While Evangelical Christians are capturing headlines for their fervent support of Israel, going virtually unnoticed is how the nation’s “mainline” Protestants have been strongly advocating an anti-Israel/pro-Palestinian position during the current Middle East crisis.
“As the Israeli-Palestinian conflict has worsened, the divide between the Jewish people and many [mainline] Christian leaders has grown, and effective Jewish-Christian communication on the Middle East has decreased,” Eugene Korn, director of interfaith affairs for the Anti-Defamation League, writes in a new report called “Church Attitudes Towards the Israeli-Palestinian Conflict.”
“Many churches in the United States have taken official positions that are openly pro-Palestinian, paying insufficient attention to legitimate Israeli rights and interests,” he states.
The plight of Palestinian Christians, some of whom feel threatened under the Islamic-majority Palestinian Authority, and are also viewed as a suspicious minority by Israel, is also being ignored by the Christian establishment groups, he said.
But now, the Anti-Defamation League is joining with two grass-roots pro-Israel Christian organizations — one in Israel and one in the U.S. — in the first organized interfaith effort to counter the mainline Christian establishment’s pro-Palestinian advocacy.
The new dialogue group, called “Faith and Freedom: The International Christian-Jewish Association on the Middle East,” will promote Israel advocacy within the Christian community and defend the freedom, rights and interests of Jews and Christians in the region, said Korn, who will serve as co-president.
The two Christian groups are the Ecumenical Theological Research Fraternity in Jerusalem and The National Christian Leadership Conference for Israel, based in Novi, Michigan.
“Faith and Freedom is necessary due to the lack of mainline Christian-Jewish dialogue groups dealing with present-day Middle East reality, theologically,” Rev. Petra Heldt, executive secretary of the fraternity, told The Jewish Week via e-mail Tuesday.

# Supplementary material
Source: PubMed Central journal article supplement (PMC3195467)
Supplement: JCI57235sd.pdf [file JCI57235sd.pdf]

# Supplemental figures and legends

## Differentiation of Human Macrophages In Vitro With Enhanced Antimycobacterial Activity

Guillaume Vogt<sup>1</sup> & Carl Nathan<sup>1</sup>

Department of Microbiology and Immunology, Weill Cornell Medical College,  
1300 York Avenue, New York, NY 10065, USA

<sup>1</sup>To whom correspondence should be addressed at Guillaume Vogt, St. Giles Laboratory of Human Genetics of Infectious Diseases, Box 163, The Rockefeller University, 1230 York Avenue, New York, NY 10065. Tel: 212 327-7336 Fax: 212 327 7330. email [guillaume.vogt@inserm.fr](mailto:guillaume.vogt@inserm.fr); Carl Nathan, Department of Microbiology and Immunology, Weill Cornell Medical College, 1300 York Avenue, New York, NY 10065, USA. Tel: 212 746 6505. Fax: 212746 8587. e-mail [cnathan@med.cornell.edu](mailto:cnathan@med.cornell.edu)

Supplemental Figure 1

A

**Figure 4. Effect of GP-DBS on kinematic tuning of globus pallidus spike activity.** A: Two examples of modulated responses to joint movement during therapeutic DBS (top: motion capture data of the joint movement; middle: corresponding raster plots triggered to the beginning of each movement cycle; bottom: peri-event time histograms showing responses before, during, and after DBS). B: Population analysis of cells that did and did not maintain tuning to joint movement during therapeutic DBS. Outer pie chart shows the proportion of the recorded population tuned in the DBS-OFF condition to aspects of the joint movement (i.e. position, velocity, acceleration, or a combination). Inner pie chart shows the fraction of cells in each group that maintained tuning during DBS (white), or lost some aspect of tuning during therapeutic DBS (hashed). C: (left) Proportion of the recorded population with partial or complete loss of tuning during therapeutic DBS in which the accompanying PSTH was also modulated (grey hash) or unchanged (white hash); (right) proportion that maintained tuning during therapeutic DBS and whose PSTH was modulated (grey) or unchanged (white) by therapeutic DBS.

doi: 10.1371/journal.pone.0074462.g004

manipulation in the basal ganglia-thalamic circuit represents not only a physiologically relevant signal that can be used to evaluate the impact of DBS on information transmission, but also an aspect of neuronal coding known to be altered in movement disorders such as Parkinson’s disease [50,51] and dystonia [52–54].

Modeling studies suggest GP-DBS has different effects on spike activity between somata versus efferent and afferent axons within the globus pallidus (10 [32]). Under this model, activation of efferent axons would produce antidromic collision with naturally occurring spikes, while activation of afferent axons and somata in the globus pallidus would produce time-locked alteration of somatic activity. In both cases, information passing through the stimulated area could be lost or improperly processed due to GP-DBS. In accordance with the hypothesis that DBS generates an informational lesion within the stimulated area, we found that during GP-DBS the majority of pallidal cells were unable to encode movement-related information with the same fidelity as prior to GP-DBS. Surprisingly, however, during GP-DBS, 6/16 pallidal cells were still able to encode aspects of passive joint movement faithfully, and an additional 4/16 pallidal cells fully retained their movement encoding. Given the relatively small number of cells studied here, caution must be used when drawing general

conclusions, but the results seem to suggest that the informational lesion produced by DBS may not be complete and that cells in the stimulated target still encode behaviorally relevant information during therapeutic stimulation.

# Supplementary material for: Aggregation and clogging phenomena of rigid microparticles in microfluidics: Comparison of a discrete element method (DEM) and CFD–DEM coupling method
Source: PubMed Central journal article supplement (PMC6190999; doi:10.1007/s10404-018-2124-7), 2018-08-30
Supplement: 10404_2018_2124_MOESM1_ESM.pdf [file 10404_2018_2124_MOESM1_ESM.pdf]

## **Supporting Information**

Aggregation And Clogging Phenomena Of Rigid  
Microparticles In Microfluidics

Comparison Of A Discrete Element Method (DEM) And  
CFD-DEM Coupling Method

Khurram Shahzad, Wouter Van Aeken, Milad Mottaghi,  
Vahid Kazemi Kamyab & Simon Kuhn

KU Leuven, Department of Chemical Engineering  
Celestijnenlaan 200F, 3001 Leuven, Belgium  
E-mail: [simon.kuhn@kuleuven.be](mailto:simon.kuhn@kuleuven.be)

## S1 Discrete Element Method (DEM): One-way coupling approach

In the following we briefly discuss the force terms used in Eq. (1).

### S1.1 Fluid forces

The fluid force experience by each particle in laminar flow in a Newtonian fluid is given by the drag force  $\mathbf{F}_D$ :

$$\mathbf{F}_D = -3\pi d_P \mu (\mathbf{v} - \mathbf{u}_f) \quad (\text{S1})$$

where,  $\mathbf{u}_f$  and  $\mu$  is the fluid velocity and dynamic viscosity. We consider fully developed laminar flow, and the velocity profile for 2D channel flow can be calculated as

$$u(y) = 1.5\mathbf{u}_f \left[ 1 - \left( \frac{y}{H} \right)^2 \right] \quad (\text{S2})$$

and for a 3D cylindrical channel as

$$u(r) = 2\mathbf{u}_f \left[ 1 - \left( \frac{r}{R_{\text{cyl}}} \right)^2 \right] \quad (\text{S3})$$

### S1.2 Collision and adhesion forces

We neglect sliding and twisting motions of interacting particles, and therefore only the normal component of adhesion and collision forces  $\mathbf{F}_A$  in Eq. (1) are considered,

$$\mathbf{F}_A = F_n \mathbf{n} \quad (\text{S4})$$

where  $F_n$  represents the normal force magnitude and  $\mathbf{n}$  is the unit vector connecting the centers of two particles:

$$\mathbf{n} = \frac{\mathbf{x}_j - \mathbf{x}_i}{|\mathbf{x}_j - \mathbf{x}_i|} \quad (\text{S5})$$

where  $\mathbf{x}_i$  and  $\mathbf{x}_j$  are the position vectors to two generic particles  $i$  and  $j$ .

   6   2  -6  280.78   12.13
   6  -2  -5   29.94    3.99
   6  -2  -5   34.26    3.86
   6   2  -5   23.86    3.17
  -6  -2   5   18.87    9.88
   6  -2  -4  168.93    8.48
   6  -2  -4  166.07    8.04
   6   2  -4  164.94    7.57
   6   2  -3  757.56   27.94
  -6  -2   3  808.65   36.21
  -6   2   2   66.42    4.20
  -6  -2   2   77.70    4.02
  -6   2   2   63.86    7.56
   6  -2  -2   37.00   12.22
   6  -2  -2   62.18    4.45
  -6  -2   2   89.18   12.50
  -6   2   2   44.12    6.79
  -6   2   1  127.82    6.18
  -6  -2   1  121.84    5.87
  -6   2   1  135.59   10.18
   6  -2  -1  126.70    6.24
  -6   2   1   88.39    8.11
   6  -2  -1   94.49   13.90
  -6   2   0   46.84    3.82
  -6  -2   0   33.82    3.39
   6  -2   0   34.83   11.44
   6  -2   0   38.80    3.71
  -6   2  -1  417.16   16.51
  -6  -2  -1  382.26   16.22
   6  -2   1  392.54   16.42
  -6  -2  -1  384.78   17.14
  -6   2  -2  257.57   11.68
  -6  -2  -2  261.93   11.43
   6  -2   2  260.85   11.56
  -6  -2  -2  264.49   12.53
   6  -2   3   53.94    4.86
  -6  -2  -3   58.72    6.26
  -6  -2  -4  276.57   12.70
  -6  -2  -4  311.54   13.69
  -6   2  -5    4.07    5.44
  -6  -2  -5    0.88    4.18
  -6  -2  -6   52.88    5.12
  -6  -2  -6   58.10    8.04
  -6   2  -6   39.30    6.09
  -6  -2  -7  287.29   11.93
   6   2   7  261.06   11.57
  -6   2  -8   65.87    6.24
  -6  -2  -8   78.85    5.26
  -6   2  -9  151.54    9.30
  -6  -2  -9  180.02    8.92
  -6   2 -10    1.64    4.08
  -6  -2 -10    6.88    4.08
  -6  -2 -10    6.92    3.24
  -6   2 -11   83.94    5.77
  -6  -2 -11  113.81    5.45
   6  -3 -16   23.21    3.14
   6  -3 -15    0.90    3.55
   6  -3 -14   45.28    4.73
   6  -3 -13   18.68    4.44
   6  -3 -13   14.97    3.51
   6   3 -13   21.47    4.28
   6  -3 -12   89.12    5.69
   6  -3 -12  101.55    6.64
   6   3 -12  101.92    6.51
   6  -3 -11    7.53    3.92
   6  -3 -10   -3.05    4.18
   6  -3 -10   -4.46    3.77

“[We] will help to foster a new awareness in the U.S. and Europe regarding the situation of Christians and Jews in the Middle East. Academics as well as pastors and lay people will be addressed with facts which are determined more by accuracy and less by doctrine.”
David Blewett, director of the NCLCI, told The Jewish Week that Faith and Freedom is necessary to counter the propaganda being fed to American Protestant leaders by pro-Palestinian Authority Christian clerics about the plight of Palestinian Christians in the Middle East.
“We hope to be an international group that can begin to counter in a very loud way the pro-Palestinian, anti-Israel news coming out of the Middle East from the churches, and give more of a united Christian voice for Israel.”
For example, they cited the National Council of Churches, a national umbrella group representing 36 Protestant, Anglican and Orthodox Christian denominations.
In April 2002, following a spate of suicide bombings against Israelis including the horrific “Passover massacre,” the NCC declared: “We condemn equally and unequivocally both the suicide bombings and Palestinian violence against Israeli society and the violence of the Israeli occupation of Palestinian territories.”
Last July the NCC called for Israel Prime Minister Ariel Sharon to return sacred Armenian Church property.
But the group was mute when Joseph’s Tomb was destroyed two years ago, and while sacred Jewish Temple Mount artifacts were being destroyed by the Muslim religious authorities.